And so The Little Series That Couldn’t finally meets its end. It’s hard to know exactly what else Blue Beetle could have done to earn some much-needed support from DC – apparently, coming up with the best new lead character the publisher has had in years, not to mention a superb and immediately-engaging supporting cast, throwing in a unique and kind of brilliant costume and power set, enjoying immediate popularity when translating the character to a new popular Batman cartoon series, being more respectful to the character’s antecedents than Dan Didio has ever been, and telling stories that start out as witty teen-tries-to-cope-with-powers comedy drama (under Giffen and Rogers) before exploding into an utterly awesome and epic alien invasion saga (under Rogers solo), simply won’t cut it if you’re not written by Geoff Johns. Alright, so the series had settled down into being “good” rather than “excellent” under Matthew Sturges, and never seemed to have quite the same visual spark without Cully Hamner or Rafael Albuquerque on art duties, but it was still generally entertaining and one of DC’s absolute best current superhero books – so cutting the series so drastically short and fobbing Jaime off into the terminally-dull Teen Titans seems like unduly harsh punishment.
As it happens, underneath a wonderful Hamner cover (echoing his equally wonderful cover to #1) is an issue that sees the title going out with a bit of a whimper, rather than a bang. There’s a definite sense of trying to tidy up Jaime’s individual mythology and supporting cast as quickly as possible – so as to leave him little in the way of unnecessary baggage for his ongoing team-based adventues – and it’s probably this that results in the rushed and somewhat ill-thought-out sudden death of one of those secondary characters. There’s nothing like enough page time for the likes of Paco, Brenda and Traci – the people who’ve helped make the book so distinctively great – and the battle with the Kdra, despite its tragic consequences, feels too inconsequential when compared with the final issues of Rogers’ run. Visually it suffers, too, and you can’t help but wish Hamner had been able to return for the interiors as well as the cover. It feels rushed and particularly sloppy in the closing pages, while I still can’t get over how Barberi misinterprets the “horns” on the back of the costume, especially as you’ve got them being done properly on the issue’s front.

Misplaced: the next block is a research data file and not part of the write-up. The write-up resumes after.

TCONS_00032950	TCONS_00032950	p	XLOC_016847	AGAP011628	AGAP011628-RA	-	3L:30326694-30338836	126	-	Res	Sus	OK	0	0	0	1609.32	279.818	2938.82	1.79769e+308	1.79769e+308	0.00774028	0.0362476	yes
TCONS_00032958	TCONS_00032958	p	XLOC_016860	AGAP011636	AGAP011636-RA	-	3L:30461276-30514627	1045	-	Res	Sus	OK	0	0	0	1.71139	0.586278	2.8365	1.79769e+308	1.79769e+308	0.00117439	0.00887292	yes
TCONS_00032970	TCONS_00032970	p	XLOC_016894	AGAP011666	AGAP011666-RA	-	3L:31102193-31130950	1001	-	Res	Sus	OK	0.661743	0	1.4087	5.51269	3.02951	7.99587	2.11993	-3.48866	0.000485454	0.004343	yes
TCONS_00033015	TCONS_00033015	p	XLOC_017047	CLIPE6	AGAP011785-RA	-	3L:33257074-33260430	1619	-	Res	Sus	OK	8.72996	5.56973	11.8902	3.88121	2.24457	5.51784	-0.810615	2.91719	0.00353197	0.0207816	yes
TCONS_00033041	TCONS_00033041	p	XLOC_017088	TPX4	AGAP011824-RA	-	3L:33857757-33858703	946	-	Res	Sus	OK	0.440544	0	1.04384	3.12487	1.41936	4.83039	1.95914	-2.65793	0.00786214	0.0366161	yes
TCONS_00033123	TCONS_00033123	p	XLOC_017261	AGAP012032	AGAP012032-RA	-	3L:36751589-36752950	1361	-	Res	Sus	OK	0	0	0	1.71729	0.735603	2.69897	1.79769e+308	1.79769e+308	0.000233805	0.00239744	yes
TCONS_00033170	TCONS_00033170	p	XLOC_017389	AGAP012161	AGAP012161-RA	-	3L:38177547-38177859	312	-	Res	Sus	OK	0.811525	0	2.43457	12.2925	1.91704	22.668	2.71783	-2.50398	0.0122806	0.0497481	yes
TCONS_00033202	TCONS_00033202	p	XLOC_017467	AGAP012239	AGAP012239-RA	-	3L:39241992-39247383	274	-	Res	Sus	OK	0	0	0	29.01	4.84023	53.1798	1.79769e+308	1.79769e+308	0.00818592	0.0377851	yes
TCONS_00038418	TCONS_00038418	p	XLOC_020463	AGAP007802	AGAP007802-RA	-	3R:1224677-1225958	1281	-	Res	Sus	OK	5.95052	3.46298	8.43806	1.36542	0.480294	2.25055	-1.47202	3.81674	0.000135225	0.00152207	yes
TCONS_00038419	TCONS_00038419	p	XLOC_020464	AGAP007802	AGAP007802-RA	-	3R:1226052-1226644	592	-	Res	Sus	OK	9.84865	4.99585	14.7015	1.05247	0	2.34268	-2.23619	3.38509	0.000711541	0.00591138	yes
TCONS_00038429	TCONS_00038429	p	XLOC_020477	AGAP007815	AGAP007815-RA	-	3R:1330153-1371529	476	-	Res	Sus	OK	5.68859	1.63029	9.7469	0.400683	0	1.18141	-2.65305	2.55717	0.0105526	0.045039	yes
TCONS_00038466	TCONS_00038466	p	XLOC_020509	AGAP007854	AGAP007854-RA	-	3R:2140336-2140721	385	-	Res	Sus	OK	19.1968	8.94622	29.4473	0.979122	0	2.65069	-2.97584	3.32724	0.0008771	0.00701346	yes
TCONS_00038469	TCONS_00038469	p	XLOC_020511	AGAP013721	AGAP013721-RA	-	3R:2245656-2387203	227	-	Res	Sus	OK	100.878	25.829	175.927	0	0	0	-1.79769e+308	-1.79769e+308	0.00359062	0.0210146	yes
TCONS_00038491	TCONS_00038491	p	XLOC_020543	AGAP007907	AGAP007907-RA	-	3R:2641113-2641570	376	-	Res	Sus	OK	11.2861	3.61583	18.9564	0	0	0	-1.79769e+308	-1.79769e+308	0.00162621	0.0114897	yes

But Sturges still knows how to throw out some neat moments, and he – like Rogers – is suitably respectful of the legacy of the Blue Beetle name, so there’s plenty of spiel in Jaime’s “hero reconsidering his role” internal monologue (a standard feature of any character’s final issue) about living up to Kord and Garrett. Indeed, it’s this that leads to perhaps the best moment of the writer’s brief run – as Jaime falls through space, he ponders that “Dan Garrett in this situation would probably have done something dashing and bold that got him out of the scrape just in the nick of time. Ted Kord would have done something clever and out of left field. And he would have chuckled while he did it. But I don’t know what Dan would have done. And I don’t know what Ted would have done. I’m not them,” before coming up with a solution that combines the best of both of them. It’s a lovely moment, and demonstrative of what this character and series are… were… capable of.
It’s a crying shame that DC haven’t given this excellent title more support – I know that when something’s just not selling, it’s not selling, but I’ve never seen promotional material for it like I have for, say, Captain Britain, and simply not bothering to try and capitalise on the success of Jamie’s Brave and the Bold episode was downright baffling – and it makes me more than a little annoyed at them. I’ll be trying to keep up with Jaime’s future adventures as best as possible, and hopefully his supporting cast will still be around as well – but the unique little niche that Blue Beetle had carved out for itself will be sorely missed.